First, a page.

I have changed my mind. I have something I want to do for counting down. From day one of learning of my diagnosis I have referred to cancer as the monster in the room. It is bigger and scarier than an elephant. The mission is to declaw the monster and eventually annihilate it. So, I have decided that for these first five weeks of daily treatments before the BGC (Big Guns Chemo) starts, I am going to make or have grandchildren and friends make (small dessert-sized) paper plate monsters to hang on my wall. Every day I will throw one away (or more likely incinerate it in my chiminea!) Feel free to make one (or a few) and send them to me to add to my collection. I need 25 in all!
Monday - Friday commutes ☑︎ Monday Chemo ☑︎
Daily radiation ☑︎ Friday afternoon nap☑︎
Checking things off from week one. It is hard (impossible?) not to count down. I can't decide whether to try not counting or embrace the counting. I even looked at "Creative Ideas for Counting Down." Some seem cutesy. Some downright weird. Some just - meh. Maybe at some point I will connect with the idea of a visual countdown system. Until then, I guess I'll just keep doin' what I'm doin' until this five week round is done.
If you have not read my previous post written about what, at that time, was an upcoming surgery for the insertion of my medical port, you may want to do so. This journal entry has my post-surgical thoughts regarding the experience. One word. Weird. Wait! I changed my mind; I am giving myself license to add a few more. Bizarre. Freaky. Strange.
theSince many types of sedation make me nauseous, I opted for local anesthesia. For the most part it was not painful, just kinda creepy. My biggest challenge was to keep my mind off what all the sounds and sensations were about: instruments being lifted and set down, incisions (2) being made, pressure and pushing as the surgeon threaded a tube underneath my skin from my chest to my neck, accessed the jugular vein, and inserted the tube through the vein to just above the right atrium. Yup. Now you know why I did not want to lie there running a moment-by-moment cinematic rendering in my imagination. Music to the rescue! I had been given my choice of music to be played in the O.R. during the surgery! I was hoping for chants. Apparently, I was the first person ever to request chants. The staff seemed to have fun trying to meet the request, and after some persistent searching, triumphantly announced they had found Gregorian chants. I expressed my sincere appreciation (and even resisted the urge to launch into a discourse of the differences between Byzantine chant and Gregorian). And then the surgery and the music began.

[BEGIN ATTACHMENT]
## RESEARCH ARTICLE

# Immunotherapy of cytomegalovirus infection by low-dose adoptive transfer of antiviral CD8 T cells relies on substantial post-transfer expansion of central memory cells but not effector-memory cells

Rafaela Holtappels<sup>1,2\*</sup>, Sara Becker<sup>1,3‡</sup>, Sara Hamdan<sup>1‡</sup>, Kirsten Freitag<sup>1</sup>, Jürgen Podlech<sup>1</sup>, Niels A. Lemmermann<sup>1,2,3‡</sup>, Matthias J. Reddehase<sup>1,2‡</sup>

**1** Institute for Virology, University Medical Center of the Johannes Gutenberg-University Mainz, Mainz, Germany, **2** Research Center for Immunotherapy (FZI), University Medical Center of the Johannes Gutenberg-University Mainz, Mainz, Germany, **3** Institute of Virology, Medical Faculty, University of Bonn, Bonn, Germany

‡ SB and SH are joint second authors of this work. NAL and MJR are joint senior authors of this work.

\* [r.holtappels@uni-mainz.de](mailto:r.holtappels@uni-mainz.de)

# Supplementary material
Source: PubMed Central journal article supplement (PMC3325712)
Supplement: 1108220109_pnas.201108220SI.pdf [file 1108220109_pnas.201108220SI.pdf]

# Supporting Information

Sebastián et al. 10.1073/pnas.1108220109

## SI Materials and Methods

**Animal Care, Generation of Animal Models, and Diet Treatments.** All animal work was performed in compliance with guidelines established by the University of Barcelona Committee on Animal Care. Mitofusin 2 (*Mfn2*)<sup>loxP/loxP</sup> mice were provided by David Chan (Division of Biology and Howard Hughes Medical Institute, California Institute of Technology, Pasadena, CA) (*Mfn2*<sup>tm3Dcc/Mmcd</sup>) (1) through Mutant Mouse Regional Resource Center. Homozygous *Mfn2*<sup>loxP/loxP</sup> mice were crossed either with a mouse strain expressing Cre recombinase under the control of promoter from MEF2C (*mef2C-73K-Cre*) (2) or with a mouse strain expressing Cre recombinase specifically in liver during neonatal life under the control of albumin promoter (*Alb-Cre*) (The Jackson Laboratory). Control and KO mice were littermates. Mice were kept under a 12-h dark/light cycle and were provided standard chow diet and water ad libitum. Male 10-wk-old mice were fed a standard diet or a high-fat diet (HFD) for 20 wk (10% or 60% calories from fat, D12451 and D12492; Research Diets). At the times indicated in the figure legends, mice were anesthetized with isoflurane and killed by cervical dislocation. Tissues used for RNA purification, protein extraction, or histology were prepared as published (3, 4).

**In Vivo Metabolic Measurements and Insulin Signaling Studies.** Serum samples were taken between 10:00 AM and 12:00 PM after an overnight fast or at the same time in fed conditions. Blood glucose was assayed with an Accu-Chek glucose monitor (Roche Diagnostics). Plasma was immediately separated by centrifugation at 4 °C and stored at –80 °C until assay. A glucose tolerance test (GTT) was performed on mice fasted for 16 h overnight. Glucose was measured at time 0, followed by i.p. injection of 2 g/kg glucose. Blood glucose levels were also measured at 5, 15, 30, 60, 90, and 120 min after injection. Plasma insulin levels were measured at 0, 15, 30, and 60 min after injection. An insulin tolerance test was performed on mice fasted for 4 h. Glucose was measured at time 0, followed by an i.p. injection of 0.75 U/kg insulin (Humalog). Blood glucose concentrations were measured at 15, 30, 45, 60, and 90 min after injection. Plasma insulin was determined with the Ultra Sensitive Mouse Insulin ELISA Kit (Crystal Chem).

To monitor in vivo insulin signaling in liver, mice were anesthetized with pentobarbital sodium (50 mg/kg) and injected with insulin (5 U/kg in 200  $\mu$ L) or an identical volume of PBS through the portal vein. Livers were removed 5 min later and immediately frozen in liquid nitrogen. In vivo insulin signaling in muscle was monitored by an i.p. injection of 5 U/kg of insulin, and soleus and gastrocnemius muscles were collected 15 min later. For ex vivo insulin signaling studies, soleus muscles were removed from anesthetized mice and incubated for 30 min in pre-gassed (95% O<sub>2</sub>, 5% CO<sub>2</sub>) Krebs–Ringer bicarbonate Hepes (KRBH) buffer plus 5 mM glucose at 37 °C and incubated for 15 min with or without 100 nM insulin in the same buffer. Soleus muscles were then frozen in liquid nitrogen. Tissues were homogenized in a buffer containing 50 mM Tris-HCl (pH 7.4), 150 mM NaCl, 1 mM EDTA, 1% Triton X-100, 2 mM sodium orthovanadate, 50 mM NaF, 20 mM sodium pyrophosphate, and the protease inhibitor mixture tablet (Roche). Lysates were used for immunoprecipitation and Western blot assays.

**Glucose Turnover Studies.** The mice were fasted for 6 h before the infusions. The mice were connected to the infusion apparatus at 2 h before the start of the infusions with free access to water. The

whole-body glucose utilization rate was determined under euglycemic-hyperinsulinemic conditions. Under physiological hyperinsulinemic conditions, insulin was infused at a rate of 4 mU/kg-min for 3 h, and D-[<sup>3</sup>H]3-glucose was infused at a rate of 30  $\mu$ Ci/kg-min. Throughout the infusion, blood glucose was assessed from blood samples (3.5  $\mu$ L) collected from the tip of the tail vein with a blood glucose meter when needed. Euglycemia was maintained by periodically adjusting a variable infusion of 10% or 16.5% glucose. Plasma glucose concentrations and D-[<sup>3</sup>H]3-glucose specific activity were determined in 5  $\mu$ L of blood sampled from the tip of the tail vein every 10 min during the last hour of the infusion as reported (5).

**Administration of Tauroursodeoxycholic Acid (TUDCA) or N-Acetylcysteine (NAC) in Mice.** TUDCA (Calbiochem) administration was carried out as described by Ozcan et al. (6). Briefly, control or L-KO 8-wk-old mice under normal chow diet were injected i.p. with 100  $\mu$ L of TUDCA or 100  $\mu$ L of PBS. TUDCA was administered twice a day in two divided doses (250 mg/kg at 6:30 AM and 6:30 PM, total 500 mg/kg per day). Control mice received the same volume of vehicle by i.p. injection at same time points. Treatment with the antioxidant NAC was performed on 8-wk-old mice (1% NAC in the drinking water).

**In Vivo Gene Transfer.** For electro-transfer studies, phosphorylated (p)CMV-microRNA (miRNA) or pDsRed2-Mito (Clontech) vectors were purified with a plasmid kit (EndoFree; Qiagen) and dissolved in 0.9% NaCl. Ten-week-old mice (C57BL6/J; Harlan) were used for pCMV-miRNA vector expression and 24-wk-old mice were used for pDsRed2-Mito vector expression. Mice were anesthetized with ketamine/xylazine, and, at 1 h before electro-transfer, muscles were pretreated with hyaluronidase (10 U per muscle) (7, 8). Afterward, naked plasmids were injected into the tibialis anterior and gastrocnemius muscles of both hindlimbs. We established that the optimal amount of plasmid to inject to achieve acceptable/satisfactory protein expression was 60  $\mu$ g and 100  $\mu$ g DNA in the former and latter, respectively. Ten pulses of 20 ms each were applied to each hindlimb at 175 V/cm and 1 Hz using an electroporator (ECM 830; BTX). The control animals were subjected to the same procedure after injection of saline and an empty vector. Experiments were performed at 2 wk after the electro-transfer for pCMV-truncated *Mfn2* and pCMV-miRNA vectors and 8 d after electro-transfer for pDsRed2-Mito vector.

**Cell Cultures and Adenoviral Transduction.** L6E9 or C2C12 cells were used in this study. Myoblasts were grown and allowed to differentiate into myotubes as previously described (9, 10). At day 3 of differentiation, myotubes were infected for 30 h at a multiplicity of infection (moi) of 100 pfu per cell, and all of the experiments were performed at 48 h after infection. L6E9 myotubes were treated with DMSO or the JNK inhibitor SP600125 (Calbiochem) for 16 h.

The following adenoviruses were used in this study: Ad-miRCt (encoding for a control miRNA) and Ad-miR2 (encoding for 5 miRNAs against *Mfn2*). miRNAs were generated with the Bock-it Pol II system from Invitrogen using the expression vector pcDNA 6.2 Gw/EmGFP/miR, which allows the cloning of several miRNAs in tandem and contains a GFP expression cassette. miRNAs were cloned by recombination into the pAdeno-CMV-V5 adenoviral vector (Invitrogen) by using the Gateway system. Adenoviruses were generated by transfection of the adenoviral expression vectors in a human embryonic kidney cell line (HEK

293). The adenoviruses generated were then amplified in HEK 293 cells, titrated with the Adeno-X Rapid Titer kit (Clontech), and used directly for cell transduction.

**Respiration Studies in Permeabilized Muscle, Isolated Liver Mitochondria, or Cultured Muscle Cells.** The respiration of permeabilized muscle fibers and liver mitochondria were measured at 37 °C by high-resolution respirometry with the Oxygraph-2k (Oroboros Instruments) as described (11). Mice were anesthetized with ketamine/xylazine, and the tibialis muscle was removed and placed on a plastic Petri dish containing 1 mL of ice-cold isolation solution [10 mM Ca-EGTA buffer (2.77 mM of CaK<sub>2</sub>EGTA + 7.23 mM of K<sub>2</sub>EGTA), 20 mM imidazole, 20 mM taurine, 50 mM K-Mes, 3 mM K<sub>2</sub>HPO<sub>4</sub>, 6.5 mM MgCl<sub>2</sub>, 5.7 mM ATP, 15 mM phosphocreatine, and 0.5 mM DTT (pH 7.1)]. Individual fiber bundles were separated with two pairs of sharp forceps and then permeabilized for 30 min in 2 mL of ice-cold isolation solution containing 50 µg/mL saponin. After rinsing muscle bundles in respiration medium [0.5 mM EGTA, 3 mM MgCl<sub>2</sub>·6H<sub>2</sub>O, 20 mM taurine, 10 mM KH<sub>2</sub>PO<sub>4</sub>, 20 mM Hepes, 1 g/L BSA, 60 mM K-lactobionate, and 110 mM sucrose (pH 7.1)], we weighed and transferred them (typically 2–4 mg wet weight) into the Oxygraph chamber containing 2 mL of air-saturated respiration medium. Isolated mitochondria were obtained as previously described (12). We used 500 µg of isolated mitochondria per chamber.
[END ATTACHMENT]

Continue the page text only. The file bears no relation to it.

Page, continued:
The acoustics of the operating room seemed equal to that of many a church, the reverberations providing a marvelous echo causing the space to seem much larger than it really was. With my eyes closed I transported myself to a church, imaging the candles and icons (yes, I know, Western vs. Eastern music and all that!) and even the scent of incense. Celestial essences. Then it happened.
Chirp. Chirp. Chirp. Chirp. Chirp. Chirp. Chirp. Chirp. Chirp. Chirp. Chirp.
The sound of the heart monitor found its way through the anthem and into my brain. There it stayed, threatening to take center stage in my thoughts. For the most part it maintained an even pace. I tried sending it away. The pace quickened. I tried harder. It went faster. Deep, slow breaths. Slow it down. Where did the chanting go? Ah. There it was. I fought to find my way back to it, to keep it my focal point. "Kyrie Eleison!"
Chirp. Chirp. Chirp.
CHIRP. CHIRP. CHIRP.
How could such a seemingly small sound drown out the sacred majesty of the song? And so it went. Struggling throughout to keep the sacred and spiritual in front of me, and leave the other concerns and such off to the side. (Admittedly, I am thankful I had a heartbeat and there was a monitor to keep track of it. But it did not me fixating on it to keep it going. ) I think the juxtaposition of the chirps and chants (using the term a bit broadly perhaps) may be a good analogy to keep in mind on the road ahead.
And there it was again. "We did not see what we were hoping to see." And so starting in a few weeks, I will begin five weeks of radiation five days a week, in conjunction with chemo. This will be followed by three months of Big Guns Chemo.
I feel like Pooh in the Pooh Corner flood, struggling to stay afloat. Just when I think I have found my balance and am staying upright, along comes the wind or a wave (or even a ripple on some days) and splash! there I am again grabbing for a floatation device of any description. Now for me the first and foremost source of rescue is found in God, and I am aware that I have yet to write about the foundations of faith on which my life has been and is being lived out. I think that is such a colossal topic and one that is still quite complicated for me in the midst of life with cancer that I just have not been ready to put it to paper. It will come. In the meanwhile, I have a myriad of photos that are records of the love being shown to me by family and friends; they have arrived as angels bringing light and beauty, counterbalancing the darkness and the ugliness of cancer. And lest any of you are thinking now that that all sounds so dramatic, perhaps even overly so, it is not. It is the reality of my experience these last seven weeks. The love, sacrificial giving, and kindness surrounding me has been astounding and humbling. It leaves me speechless. And so I will let the photos tell the story. And my apologies to those whom I was not able to capture on camera. These are indeed simply a sampling!